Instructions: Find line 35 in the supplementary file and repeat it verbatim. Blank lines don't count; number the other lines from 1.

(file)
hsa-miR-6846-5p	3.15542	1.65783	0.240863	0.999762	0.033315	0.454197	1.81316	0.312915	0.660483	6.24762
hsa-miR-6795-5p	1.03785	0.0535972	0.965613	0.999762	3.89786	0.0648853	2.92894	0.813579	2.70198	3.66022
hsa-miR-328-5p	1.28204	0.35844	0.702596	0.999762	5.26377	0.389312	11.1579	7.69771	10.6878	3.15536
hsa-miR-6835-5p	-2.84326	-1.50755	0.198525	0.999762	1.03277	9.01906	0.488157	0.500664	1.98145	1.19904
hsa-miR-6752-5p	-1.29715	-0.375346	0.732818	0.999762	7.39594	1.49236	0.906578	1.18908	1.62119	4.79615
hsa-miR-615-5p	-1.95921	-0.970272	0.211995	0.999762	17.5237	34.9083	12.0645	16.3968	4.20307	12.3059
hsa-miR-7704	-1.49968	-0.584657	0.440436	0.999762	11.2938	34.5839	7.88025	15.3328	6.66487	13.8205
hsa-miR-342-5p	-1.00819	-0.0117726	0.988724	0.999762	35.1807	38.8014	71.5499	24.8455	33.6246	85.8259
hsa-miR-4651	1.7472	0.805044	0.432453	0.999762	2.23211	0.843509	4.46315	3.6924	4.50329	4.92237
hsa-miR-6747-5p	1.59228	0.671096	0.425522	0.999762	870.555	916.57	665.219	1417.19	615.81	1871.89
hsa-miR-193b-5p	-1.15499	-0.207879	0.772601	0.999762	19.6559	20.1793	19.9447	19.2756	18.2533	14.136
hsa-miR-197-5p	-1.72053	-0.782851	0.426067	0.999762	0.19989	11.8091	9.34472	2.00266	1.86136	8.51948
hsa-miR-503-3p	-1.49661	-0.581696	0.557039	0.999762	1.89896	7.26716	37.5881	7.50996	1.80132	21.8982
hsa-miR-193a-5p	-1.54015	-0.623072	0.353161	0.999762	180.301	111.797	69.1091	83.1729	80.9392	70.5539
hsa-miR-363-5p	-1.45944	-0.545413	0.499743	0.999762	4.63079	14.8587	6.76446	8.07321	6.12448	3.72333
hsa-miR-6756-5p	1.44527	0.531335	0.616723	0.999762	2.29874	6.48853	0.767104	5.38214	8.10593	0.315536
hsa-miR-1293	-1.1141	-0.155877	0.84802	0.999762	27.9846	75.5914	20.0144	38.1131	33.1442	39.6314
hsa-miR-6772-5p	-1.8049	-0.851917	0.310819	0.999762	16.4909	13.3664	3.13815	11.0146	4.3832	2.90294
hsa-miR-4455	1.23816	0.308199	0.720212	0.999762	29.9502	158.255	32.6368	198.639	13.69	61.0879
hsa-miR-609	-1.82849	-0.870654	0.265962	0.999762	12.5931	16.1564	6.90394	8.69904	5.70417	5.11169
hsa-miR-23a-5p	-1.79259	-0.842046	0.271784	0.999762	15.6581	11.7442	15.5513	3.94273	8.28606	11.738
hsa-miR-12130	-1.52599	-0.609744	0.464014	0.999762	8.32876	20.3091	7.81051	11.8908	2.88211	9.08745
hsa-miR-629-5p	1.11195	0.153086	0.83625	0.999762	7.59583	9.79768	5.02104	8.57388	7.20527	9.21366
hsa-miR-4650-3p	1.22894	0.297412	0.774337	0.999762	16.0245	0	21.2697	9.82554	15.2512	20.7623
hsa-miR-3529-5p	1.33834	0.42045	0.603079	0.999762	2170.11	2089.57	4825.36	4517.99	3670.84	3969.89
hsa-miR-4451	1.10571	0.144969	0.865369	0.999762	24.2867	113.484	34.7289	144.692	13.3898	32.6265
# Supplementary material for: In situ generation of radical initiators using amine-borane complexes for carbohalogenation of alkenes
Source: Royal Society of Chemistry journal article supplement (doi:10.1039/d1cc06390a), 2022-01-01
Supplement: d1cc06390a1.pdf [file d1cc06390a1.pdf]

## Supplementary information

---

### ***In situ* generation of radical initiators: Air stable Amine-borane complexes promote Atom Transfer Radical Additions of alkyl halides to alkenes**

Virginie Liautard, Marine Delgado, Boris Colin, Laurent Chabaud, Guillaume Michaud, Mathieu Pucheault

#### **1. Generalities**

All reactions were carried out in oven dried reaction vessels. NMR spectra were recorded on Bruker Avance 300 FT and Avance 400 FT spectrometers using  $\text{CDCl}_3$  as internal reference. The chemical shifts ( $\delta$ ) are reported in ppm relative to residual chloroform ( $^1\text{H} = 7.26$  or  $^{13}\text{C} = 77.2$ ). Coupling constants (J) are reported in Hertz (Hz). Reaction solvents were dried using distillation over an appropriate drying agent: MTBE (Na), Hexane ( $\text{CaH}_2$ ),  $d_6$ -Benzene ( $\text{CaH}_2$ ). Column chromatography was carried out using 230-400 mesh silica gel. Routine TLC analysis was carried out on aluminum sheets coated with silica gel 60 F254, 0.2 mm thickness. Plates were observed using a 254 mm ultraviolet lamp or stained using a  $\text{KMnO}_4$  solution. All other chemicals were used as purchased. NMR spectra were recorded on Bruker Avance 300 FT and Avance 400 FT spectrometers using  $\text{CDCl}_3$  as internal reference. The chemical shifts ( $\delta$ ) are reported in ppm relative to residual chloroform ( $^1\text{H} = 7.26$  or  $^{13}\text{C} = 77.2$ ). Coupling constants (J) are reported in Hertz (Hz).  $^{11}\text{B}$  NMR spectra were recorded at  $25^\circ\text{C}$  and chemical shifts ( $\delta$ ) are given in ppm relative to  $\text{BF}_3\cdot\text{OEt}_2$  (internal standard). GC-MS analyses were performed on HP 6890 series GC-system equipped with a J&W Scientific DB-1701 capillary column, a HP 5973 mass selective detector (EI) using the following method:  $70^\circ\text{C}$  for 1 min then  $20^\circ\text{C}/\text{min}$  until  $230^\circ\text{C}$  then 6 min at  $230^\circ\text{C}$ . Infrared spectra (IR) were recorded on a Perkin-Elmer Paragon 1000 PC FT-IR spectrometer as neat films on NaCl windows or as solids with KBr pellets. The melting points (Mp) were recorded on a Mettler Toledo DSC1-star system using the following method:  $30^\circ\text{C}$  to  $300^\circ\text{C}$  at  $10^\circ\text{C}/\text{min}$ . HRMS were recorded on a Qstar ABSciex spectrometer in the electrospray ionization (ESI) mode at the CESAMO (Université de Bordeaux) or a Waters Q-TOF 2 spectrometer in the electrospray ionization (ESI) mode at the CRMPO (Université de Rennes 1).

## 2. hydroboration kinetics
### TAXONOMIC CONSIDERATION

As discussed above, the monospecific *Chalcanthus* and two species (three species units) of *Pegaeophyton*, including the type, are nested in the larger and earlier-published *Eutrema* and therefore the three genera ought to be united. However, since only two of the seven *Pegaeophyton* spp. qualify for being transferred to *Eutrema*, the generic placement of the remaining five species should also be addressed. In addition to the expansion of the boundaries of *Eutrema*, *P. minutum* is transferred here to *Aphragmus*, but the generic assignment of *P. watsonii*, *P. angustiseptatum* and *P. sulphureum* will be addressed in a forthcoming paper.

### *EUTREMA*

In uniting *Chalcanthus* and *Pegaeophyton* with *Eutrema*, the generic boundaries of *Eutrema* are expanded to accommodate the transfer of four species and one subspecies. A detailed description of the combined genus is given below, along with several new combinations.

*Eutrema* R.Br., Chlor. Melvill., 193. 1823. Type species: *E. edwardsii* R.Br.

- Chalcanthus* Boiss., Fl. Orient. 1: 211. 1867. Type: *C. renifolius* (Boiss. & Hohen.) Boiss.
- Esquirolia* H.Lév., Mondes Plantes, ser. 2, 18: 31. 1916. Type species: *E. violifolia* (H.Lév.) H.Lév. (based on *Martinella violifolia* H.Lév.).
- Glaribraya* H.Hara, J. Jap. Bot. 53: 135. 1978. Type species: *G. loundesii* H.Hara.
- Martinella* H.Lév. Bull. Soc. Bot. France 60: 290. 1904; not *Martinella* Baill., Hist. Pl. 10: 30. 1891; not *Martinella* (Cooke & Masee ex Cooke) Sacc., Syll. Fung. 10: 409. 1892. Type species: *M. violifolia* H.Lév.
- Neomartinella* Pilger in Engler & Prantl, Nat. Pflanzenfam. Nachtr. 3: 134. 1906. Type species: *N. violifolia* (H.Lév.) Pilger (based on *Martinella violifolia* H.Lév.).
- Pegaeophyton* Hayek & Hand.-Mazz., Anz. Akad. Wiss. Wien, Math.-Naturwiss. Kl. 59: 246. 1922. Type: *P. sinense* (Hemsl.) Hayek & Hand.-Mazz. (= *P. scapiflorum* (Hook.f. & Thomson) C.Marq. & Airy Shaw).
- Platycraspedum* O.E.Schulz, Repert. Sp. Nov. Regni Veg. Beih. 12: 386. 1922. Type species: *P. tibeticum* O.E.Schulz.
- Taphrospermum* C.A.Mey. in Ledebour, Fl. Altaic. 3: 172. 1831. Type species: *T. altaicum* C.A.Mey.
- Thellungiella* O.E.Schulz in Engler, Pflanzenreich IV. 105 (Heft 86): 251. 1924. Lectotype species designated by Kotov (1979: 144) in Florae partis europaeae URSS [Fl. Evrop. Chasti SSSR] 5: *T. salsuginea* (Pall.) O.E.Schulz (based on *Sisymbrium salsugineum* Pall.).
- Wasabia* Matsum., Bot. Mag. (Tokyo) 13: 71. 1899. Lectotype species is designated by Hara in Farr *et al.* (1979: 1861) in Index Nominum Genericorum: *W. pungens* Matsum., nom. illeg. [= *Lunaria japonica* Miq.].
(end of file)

All reactions were carried out in oven dried reaction vessels. NMR spectra were recorded on Bruker Avance 300 FT and Avance 400 FT spectrometers using  $\text{CDCl}_3$  as internal reference. The chemical shifts ( $\delta$ ) are reported in ppm relative to residual chloroform ( $^1\text{H} = 7.26$  or  $^{13}\text{C} = 77.2$ ). Coupling constants (J) are reported in Hertz (Hz). Reaction solvents were dried using distillation over an appropriate drying agent: MTBE (Na), Hexane ( $\text{CaH}_2$ ),  $d_6$ -Benzene ( $\text{CaH}_2$ ). Column chromatography was carried out using 230-400 mesh silica gel. Routine TLC analysis was carried out on aluminum sheets coated with silica gel 60 F254, 0.2 mm thickness. Plates were observed using a 254 mm ultraviolet lamp or stained using a  $\text{KMnO}_4$  solution. All other chemicals were used as purchased. NMR spectra were recorded on Bruker Avance 300 FT and Avance 400 FT spectrometers using  $\text{CDCl}_3$  as internal reference. The chemical shifts ( $\delta$ ) are reported in ppm relative to residual chloroform ( $^1\text{H} = 7.26$  or  $^{13}\text{C} = 77.2$ ). Coupling constants (J) are reported in Hertz (Hz).  $^{11}\text{B}$  NMR spectra were recorded at  $25^\circ\text{C}$  and chemical shifts ( $\delta$ ) are given in ppm relative to  $\text{BF}_3\cdot\text{OEt}_2$  (internal standard). GC-MS analyses were performed on HP 6890 series GC-system equipped with a J&W Scientific DB-1701 capillary column, a HP 5973 mass selective detector (EI) using the following method:  $70^\circ\text{C}$  for 1 min then  $20^\circ\text{C}/\text{min}$  until  $230^\circ\text{C}$  then 6 min at  $230^\circ\text{C}$ . Infrared spectra (IR) were recorded on a Perkin-Elmer Paragon 1000 PC FT-IR spectrometer as neat films on NaCl windows or as solids with KBr pellets. The melting points (Mp) were recorded on a Mettler Toledo DSC1-star system using the following method:  $30^\circ\text{C}$  to  $300^\circ\text{C}$  at  $10^\circ\text{C}/\text{min}$ . HRMS were recorded on a Qstar ABSciex spectrometer in the electrospray ionization (ESI) mode at the CESAMO (Université de Bordeaux) or a Waters Q-TOF 2 spectrometer in the electrospray ionization (ESI) mode at the CRMPO (Université de Rennes 1).